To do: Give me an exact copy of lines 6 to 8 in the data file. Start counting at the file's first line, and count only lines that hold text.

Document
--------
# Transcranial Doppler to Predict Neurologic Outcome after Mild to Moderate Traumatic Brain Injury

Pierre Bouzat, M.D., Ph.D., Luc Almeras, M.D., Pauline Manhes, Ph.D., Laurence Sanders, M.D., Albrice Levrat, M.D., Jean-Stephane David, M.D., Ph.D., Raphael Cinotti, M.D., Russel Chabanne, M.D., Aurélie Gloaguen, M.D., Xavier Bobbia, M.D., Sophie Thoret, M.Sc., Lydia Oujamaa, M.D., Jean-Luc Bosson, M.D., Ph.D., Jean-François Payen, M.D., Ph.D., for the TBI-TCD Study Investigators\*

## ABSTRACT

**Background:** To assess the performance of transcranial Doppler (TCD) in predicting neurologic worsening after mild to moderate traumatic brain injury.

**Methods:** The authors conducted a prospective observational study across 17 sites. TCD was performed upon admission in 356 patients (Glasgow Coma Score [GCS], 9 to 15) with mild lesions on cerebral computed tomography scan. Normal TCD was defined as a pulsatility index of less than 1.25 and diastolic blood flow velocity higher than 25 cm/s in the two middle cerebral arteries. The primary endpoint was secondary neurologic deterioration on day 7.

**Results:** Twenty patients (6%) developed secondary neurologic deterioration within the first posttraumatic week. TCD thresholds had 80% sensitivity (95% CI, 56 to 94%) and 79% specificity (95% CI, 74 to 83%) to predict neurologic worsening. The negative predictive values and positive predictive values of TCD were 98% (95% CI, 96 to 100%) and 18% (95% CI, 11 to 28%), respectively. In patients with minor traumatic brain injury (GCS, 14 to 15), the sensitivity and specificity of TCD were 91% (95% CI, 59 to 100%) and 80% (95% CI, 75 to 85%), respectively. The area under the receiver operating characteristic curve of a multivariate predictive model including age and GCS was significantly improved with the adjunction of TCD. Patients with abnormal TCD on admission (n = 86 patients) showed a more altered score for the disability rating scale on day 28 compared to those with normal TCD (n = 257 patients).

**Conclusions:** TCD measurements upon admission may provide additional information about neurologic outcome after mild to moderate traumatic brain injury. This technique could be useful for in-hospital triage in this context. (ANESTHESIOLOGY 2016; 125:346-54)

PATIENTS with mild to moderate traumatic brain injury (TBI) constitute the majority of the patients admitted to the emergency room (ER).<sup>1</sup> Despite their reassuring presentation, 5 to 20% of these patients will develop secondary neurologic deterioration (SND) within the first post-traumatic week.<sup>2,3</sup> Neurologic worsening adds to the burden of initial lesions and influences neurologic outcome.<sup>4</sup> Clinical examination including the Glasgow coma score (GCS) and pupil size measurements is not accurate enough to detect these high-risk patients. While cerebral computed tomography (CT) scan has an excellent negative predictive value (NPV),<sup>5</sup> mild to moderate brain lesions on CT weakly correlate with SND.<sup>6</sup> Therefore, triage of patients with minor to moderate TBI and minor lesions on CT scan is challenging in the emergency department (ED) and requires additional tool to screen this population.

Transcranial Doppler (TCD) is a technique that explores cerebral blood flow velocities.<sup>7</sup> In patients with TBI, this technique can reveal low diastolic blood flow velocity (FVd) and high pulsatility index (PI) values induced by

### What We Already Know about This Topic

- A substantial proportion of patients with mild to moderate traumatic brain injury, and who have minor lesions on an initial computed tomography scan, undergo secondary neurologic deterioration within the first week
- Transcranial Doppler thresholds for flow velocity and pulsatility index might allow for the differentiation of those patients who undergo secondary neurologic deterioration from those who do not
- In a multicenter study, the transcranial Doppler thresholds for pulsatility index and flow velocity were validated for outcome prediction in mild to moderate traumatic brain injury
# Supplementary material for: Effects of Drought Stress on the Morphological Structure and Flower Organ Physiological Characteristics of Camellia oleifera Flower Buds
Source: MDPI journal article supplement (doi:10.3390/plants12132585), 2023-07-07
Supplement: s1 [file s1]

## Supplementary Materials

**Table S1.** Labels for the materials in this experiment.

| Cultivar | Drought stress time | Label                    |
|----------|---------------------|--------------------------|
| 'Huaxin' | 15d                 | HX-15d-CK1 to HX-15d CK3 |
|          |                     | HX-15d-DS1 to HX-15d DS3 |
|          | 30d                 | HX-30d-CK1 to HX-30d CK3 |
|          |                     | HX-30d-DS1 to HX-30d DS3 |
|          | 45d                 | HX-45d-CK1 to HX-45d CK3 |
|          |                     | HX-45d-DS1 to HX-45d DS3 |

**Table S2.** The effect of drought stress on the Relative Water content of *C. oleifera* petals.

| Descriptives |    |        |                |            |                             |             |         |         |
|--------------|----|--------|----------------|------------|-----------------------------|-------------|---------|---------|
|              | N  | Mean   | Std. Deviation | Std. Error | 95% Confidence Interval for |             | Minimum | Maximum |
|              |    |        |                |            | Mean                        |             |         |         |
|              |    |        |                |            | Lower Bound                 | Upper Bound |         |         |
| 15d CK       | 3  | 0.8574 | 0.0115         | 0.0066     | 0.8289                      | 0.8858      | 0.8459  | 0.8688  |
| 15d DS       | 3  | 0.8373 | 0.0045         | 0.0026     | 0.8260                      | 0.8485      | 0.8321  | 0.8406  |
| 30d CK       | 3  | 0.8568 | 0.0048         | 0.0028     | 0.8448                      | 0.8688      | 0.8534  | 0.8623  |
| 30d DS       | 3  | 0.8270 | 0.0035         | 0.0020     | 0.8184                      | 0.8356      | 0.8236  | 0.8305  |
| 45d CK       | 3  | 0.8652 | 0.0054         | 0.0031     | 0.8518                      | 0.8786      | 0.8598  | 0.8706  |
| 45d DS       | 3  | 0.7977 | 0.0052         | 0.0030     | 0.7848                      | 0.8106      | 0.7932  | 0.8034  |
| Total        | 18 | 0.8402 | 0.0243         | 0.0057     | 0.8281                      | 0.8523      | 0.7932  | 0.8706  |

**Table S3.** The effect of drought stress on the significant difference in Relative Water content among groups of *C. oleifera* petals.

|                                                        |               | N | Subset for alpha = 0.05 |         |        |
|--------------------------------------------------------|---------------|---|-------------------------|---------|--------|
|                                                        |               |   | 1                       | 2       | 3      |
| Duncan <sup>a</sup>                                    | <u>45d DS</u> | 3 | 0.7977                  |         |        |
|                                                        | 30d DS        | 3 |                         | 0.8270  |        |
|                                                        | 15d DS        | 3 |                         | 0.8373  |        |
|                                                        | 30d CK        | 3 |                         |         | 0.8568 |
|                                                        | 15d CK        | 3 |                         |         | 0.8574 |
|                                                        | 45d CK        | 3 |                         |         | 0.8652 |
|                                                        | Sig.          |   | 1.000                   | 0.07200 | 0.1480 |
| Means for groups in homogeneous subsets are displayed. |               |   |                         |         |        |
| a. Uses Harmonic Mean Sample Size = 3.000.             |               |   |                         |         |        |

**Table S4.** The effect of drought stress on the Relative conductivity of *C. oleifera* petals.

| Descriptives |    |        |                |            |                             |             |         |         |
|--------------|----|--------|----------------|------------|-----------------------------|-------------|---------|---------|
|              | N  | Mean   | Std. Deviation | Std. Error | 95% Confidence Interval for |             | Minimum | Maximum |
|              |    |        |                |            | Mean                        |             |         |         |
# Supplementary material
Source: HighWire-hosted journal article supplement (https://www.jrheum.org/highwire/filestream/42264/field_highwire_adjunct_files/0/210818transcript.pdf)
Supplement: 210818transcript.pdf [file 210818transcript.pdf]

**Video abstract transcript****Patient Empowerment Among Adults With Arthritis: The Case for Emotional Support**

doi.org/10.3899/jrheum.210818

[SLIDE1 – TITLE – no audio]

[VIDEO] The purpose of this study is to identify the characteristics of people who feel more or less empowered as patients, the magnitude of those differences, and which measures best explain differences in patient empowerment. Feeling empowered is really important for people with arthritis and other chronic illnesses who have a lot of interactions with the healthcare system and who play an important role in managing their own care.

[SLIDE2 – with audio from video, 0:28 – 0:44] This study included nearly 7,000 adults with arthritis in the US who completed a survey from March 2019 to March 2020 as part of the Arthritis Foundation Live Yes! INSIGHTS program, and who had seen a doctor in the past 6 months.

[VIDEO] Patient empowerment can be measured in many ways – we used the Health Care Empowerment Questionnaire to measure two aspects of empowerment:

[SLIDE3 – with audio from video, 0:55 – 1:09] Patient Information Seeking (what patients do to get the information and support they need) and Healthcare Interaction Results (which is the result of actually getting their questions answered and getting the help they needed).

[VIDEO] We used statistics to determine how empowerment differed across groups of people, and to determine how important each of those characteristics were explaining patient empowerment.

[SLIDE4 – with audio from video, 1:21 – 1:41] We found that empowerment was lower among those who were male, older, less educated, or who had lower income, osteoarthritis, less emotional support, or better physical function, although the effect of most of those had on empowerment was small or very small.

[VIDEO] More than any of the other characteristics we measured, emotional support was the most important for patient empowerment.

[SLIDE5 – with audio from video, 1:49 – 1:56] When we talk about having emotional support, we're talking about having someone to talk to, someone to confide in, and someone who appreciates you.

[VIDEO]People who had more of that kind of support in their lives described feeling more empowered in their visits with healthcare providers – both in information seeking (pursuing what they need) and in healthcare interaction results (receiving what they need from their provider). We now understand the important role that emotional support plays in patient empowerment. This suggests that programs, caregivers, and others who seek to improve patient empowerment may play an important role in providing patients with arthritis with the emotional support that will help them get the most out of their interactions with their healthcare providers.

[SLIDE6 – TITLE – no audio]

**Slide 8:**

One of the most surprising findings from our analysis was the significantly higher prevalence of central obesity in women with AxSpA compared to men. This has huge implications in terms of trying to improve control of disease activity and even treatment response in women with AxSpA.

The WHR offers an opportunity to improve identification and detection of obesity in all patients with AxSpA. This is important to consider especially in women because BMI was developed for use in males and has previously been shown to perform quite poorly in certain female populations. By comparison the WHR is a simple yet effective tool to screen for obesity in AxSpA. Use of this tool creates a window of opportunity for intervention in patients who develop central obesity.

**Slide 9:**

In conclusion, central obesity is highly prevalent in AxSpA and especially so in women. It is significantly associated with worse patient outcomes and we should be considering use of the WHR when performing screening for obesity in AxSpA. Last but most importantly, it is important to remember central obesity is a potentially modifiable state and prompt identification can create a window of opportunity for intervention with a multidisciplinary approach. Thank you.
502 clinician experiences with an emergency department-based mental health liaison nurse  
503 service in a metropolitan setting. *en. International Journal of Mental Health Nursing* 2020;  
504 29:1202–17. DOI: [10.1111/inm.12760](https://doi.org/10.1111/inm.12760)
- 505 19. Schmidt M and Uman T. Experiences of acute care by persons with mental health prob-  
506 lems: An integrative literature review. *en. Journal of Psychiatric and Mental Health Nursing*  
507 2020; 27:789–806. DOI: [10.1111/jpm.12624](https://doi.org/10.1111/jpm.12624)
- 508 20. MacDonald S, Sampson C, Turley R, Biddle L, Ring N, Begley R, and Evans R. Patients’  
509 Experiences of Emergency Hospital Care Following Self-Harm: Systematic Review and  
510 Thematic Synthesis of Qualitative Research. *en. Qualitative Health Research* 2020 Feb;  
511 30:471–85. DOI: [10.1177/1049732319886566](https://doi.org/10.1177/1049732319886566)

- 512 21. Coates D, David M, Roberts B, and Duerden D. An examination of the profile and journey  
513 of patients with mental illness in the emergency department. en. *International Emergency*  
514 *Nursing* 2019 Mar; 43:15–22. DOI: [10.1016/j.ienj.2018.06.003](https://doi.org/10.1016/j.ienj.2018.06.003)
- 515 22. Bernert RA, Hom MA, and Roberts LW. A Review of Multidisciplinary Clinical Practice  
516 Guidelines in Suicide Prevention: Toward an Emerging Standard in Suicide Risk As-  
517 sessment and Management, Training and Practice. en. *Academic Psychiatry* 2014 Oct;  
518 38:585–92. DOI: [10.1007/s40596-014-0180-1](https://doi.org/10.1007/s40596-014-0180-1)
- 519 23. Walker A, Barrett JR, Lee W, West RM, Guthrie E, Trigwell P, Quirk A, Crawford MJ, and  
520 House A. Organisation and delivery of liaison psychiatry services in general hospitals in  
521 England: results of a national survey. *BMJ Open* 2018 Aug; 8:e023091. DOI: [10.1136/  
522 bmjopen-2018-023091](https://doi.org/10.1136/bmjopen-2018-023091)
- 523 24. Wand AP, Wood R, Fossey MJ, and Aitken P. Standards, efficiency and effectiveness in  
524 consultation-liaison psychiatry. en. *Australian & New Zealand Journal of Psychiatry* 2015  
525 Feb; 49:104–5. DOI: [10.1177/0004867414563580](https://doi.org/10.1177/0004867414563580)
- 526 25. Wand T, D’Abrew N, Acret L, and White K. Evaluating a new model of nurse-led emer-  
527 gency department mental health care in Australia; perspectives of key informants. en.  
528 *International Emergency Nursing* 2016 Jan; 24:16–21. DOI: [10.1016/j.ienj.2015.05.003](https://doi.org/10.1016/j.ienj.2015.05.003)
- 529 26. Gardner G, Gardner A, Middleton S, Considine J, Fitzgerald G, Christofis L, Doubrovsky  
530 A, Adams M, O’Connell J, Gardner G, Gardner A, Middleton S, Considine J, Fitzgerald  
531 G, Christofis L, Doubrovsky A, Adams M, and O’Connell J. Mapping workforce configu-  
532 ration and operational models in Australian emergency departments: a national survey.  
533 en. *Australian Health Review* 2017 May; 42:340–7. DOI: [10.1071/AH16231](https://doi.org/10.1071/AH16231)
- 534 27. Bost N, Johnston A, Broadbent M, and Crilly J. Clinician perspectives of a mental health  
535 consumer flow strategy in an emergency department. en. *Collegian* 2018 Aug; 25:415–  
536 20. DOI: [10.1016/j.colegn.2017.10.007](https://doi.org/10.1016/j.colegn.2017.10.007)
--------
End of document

**Results:** Twenty patients (6%) developed secondary neurologic deterioration within the first posttraumatic week. TCD thresholds had 80% sensitivity (95% CI, 56 to 94%) and 79% specificity (95% CI, 74 to 83%) to predict neurologic worsening. The negative predictive values and positive predictive values of TCD were 98% (95% CI, 96 to 100%) and 18% (95% CI, 11 to 28%), respectively. In patients with minor traumatic brain injury (GCS, 14 to 15), the sensitivity and specificity of TCD were 91% (95% CI, 59 to 100%) and 80% (95% CI, 75 to 85%), respectively. The area under the receiver operating characteristic curve of a multivariate predictive model including age and GCS was significantly improved with the adjunction of TCD. Patients with abnormal TCD on admission (n = 86 patients) showed a more altered score for the disability rating scale on day 28 compared to those with normal TCD (n = 257 patients).

**Conclusions:** TCD measurements upon admission may provide additional information about neurologic outcome after mild to moderate traumatic brain injury. This technique could be useful for in-hospital triage in this context. (ANESTHESIOLOGY 2016; 125:346-54)

PATIENTS with mild to moderate traumatic brain injury (TBI) constitute the majority of the patients admitted to the emergency room (ER).<sup>1</sup> Despite their reassuring presentation, 5 to 20% of these patients will develop secondary neurologic deterioration (SND) within the first post-traumatic week.<sup>2,3</sup> Neurologic worsening adds to the burden of initial lesions and influences neurologic outcome.<sup>4</sup> Clinical examination including the Glasgow coma score (GCS) and pupil size measurements is not accurate enough to detect these high-risk patients. While cerebral computed tomography (CT) scan has an excellent negative predictive value (NPV),<sup>5</sup> mild to moderate brain lesions on CT weakly correlate with SND.<sup>6</sup> Therefore, triage of patients with minor to moderate TBI and minor lesions on CT scan is challenging in the emergency department (ED) and requires additional tool to screen this population.